Other case studies selected deal with large urban centers in Asia concerning the objective of the conference. They are mainly from Israel, Singapore, China, Korea, Malaysia as well as short sections on the USA and Canada. Case studies were selected to present a selected and diversified issues of water demand mgmt.. More comprehensive ones are presented from Israel and Singapore while the others present cases of national policies and selected cities, only.



This section focuses on Israel as a case study of water resources management. However, the section concentrates on Water Demand Management (WDM). Development and water experts, who have an interest in the Middle East and in the economic development process of semi-arid countries, often pose the following question: how does Israel prosper with less than 300 cubic meters of water (per capita per year) while international organizations define arid countries with less than 1000 c.m./cap. /year as highly stress countries, where water becomes a severe constraint to socio-economic growth.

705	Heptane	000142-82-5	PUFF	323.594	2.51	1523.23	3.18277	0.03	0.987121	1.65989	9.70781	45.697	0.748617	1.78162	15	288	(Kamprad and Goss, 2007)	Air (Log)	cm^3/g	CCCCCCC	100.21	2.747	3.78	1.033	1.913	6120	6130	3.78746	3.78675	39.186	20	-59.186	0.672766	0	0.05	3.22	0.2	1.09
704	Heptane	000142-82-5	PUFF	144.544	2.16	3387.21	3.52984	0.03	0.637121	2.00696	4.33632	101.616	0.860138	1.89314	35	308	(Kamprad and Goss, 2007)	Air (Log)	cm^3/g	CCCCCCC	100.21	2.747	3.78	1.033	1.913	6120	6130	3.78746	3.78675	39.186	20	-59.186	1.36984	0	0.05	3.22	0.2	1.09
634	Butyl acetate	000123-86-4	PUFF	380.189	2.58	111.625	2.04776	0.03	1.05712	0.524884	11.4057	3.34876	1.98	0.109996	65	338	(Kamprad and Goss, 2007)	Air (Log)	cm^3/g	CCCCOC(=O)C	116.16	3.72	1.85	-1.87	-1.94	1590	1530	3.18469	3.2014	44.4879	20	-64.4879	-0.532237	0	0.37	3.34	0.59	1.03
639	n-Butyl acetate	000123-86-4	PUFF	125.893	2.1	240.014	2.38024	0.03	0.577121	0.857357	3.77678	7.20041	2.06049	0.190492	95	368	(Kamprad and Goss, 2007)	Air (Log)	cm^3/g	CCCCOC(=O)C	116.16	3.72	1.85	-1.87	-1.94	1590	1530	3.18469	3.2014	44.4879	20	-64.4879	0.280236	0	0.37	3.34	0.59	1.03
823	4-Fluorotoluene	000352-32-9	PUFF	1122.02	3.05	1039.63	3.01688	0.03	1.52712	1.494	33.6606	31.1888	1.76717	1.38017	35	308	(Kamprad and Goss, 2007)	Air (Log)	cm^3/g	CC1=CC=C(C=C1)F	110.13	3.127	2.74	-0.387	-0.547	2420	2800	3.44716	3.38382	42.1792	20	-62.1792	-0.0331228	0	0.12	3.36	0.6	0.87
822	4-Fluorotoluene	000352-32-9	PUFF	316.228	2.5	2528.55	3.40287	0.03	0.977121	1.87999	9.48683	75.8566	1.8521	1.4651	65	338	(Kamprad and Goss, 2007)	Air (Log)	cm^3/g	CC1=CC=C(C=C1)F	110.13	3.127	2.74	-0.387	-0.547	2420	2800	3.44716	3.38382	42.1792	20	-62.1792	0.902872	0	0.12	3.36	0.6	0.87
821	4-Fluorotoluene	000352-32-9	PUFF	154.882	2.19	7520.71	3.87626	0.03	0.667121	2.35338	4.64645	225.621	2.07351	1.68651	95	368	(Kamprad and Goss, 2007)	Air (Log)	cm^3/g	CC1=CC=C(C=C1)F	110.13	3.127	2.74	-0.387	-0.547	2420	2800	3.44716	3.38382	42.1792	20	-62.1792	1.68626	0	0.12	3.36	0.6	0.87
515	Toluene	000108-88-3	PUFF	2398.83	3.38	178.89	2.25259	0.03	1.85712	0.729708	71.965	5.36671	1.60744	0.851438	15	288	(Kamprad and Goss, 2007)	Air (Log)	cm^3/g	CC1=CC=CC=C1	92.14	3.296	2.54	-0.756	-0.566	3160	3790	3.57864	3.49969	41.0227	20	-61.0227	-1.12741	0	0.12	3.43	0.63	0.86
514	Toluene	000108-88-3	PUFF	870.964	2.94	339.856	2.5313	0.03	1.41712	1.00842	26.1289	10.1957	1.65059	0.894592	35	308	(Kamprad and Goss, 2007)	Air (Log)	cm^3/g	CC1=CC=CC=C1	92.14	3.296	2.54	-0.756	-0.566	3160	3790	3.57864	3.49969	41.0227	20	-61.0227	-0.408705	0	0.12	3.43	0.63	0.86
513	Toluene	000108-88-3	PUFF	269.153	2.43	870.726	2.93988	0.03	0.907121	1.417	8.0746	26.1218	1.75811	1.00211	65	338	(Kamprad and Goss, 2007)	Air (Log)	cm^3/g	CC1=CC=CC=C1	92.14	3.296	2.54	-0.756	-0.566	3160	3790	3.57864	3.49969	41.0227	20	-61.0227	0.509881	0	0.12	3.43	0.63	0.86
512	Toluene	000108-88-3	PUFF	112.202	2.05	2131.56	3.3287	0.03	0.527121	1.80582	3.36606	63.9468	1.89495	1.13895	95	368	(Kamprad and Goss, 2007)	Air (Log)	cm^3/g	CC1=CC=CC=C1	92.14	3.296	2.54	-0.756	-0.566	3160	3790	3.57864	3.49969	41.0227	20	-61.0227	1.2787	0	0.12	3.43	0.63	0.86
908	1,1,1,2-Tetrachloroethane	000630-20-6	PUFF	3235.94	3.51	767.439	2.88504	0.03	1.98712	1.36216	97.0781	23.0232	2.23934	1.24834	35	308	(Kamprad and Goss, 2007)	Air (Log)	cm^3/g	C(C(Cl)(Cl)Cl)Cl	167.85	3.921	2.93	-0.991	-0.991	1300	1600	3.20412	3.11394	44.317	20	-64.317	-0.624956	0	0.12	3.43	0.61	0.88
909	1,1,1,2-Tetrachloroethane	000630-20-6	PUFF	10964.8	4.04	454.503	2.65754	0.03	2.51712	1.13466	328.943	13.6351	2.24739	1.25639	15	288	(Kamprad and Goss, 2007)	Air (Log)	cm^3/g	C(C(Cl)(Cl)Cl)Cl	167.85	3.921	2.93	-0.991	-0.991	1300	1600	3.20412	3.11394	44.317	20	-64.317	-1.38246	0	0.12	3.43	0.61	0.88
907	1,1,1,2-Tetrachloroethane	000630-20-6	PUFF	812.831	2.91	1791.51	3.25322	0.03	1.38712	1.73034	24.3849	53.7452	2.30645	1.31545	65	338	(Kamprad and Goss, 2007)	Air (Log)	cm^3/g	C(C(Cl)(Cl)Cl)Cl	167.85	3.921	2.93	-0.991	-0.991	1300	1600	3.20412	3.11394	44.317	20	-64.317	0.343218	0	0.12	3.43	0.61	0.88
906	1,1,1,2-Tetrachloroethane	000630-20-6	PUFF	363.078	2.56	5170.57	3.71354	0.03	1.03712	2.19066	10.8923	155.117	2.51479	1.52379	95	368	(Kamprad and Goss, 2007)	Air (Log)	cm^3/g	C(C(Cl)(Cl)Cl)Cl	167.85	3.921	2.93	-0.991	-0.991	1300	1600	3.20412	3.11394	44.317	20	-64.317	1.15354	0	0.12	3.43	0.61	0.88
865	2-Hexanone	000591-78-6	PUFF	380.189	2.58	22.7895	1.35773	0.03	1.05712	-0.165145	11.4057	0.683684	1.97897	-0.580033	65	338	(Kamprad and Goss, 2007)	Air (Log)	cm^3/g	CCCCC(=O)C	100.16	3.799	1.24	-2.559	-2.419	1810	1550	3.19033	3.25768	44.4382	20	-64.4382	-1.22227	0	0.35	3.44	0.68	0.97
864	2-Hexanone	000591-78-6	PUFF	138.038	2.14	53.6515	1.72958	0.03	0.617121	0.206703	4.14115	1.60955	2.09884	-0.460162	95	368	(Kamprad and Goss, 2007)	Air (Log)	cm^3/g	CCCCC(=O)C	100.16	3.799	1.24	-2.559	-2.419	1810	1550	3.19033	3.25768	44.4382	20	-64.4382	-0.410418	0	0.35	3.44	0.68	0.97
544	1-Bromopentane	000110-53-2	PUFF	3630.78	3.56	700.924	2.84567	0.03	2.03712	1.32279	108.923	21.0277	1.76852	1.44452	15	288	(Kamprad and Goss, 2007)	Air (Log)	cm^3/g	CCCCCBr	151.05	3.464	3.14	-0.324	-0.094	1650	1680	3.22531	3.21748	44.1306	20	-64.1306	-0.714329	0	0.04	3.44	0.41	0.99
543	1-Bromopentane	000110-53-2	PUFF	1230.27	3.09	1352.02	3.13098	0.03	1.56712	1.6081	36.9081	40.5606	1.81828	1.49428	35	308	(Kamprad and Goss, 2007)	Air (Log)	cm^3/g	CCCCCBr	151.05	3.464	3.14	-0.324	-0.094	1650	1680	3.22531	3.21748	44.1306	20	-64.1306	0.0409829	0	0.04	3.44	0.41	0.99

This section will try to clarify some of the policies, legislative basis and selected economic issues that enabled Israel, a semi arid country, to reach a GDP of $17000 per capita per year, supply much of its agricultural needs (except grains), export agricultural products, and maintain a high standard of living, all with very limited fresh water resources.

The basis of the past strategy as well as the future one lies with a balanced combination of measures: legislative, institutional, economic, and technological focusing on water demand management, increased efficiency of water use in agriculture and the industry, re-use of most of its treated sewage effluents as well as the economic and integrated use of its total surface and ground water resources.